“This isn't as warm and fuzzy as those earlier books,” Charles Baxter comments, somewhat ruefully, about his latest novel, The Soul Thief (Pantheon), as we eat lunch in a trendy Minneapolis restaurant above the Walker Art Center.

“But these are dark times,” he insists, as we enjoy a bird's-eye view of the city's gleaming skyscrapers from the restaurant's soaring windows. It's hard to believe, on this glorious autumn day, that on the other side of those tall buildings, reconstruction has just begun on the bridge spanning the Mississippi River that unexpectedly collapsed two months earlier, killing and injuring dozens of rush-hour commuters.

Although the 60-year-old Baxter, a University of Minnesota English professor, has written five novels, four short story collections, three books of poetry and two books of essays on writing fiction in the 37 years since his debut collection of poems, Chameleon, was released by New Rivers Press in 1970, he is best known for his breakout novel, Feast of Love (Pantheon, 2000), a National Book Award finalist that has sold 350,000 copies to date. A movie adaptation starring Morgan Freeman was released this fall.

While Feast of Love's overlapping tales of the nocturnal wanderings and romantic misadventures of a diverse cast of characters invite comparisons to Shakespeare's A Midsummer Night's Dream, The Soul Thief, with its faint whiff of the supernatural, is more reminiscent of a Twilight Zone episode, as a '70s-era graduate student suspects his identity is being appropriated—long before the Internet made such a violation almost commonplace.

“I like to pull the rug out from underneath readers,” Baxter explains. “As a Midwesterner, I'm always aware of what seems to me to be the security people think they have, living in the heartland, in the heart of the country.”

“There's this idea that nothing can happen to us here. Well, life always has its claws out,” he says. “It's the business of a storyteller to show how. I want to write stories in which you can feel the shadows fall. “That's why I like Alfred Hitchcock movies.”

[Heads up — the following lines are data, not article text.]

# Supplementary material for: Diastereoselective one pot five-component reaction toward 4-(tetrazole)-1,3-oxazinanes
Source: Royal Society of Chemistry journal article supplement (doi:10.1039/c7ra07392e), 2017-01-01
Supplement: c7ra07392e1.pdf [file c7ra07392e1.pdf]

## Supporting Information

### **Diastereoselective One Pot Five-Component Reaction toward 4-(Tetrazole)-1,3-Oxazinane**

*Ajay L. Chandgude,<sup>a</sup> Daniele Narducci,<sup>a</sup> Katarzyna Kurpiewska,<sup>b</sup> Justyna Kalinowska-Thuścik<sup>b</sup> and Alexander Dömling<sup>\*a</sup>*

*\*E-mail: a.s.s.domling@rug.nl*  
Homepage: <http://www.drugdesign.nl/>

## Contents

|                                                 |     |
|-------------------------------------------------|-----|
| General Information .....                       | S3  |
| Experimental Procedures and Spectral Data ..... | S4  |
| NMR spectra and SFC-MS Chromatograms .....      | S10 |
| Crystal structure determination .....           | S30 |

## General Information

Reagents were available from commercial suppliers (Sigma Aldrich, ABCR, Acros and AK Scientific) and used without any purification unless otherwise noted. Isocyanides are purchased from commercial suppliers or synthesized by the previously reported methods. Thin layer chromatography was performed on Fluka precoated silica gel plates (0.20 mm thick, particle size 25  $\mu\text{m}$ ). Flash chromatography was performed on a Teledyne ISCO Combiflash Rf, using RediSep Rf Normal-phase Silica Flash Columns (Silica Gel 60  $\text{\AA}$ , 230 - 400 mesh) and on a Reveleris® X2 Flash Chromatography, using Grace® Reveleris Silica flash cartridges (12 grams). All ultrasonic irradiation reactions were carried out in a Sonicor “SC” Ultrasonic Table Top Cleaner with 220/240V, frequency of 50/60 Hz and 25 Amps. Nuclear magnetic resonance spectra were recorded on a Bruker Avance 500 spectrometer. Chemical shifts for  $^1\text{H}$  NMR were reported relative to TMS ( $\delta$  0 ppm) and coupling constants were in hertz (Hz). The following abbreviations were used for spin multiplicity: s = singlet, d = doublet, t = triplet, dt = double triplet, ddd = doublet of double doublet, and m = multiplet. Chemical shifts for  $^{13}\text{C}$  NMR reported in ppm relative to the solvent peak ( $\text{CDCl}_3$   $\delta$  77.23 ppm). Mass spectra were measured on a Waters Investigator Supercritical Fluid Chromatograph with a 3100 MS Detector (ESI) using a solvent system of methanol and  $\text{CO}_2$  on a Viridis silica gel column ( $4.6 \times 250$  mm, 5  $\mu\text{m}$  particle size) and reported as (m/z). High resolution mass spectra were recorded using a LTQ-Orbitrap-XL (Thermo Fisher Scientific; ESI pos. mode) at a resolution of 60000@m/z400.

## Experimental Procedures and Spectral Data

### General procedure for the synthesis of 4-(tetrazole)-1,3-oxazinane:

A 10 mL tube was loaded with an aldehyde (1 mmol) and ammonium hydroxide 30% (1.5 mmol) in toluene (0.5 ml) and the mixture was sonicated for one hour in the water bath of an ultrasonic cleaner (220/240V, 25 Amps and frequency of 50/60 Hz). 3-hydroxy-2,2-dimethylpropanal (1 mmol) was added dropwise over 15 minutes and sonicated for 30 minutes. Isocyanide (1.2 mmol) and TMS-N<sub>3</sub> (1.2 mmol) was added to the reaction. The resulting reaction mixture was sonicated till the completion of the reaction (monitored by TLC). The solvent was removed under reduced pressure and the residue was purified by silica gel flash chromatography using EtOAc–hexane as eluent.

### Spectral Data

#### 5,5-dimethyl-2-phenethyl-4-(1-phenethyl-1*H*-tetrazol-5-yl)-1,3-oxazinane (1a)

Knowing that Baxter's father unexpectedly died when Baxter was 18 months old, and that, as a young man, he avoided being drafted to fight in Vietnam only by teaching public school in an underserved Michigan community provides one with some insight into the central underlying theme of all his stories: how the quiet lives of ordinary people living in middle America aren't just temporarily disrupted, but forever changed, by events beyond their control—a chance encounter, an accident, the impact of a stranger's words or deeds.

After our meal, we drive to Baxter's home, up what he claims is Minneapolis's steepest street. As the autumn sunshine floods his living room, we discuss a few of the more esoteric issues raised in The Soul Thief, including the fluidity of identity and his preoccupation with “soul thieves,” a term he's used before, most recently in his last novel, Saul and Patsy (Pantheon, 2003).

“I don't know where it comes from,” Baxter admits. “It's almost childish, isn't it, to worry that someone or something will come in the middle of the night and take your soul? Sometimes it's better for a writer not to examine all the sources.”

“I have a lucky life,” he emphasizes. “But I want to give a sense of the seriousness of these matters. Something has gone haywire in our culture. We've allowed our identities to become virtual. I can go to Facebook, to MySpace, and concoct an identity that's absolutely fictional. And no one will know until later—if at all.”

But really, this consummate storyteller asserts, he simply wants readers to enjoy the twists and turns, all the way to the surprising denouement, of this modern-day fable. “I'd like them to come out of this book as you come out of a movie theater, in a daze,” he says, “thinking about identity, thinking about the dream and the reality I've put them through.”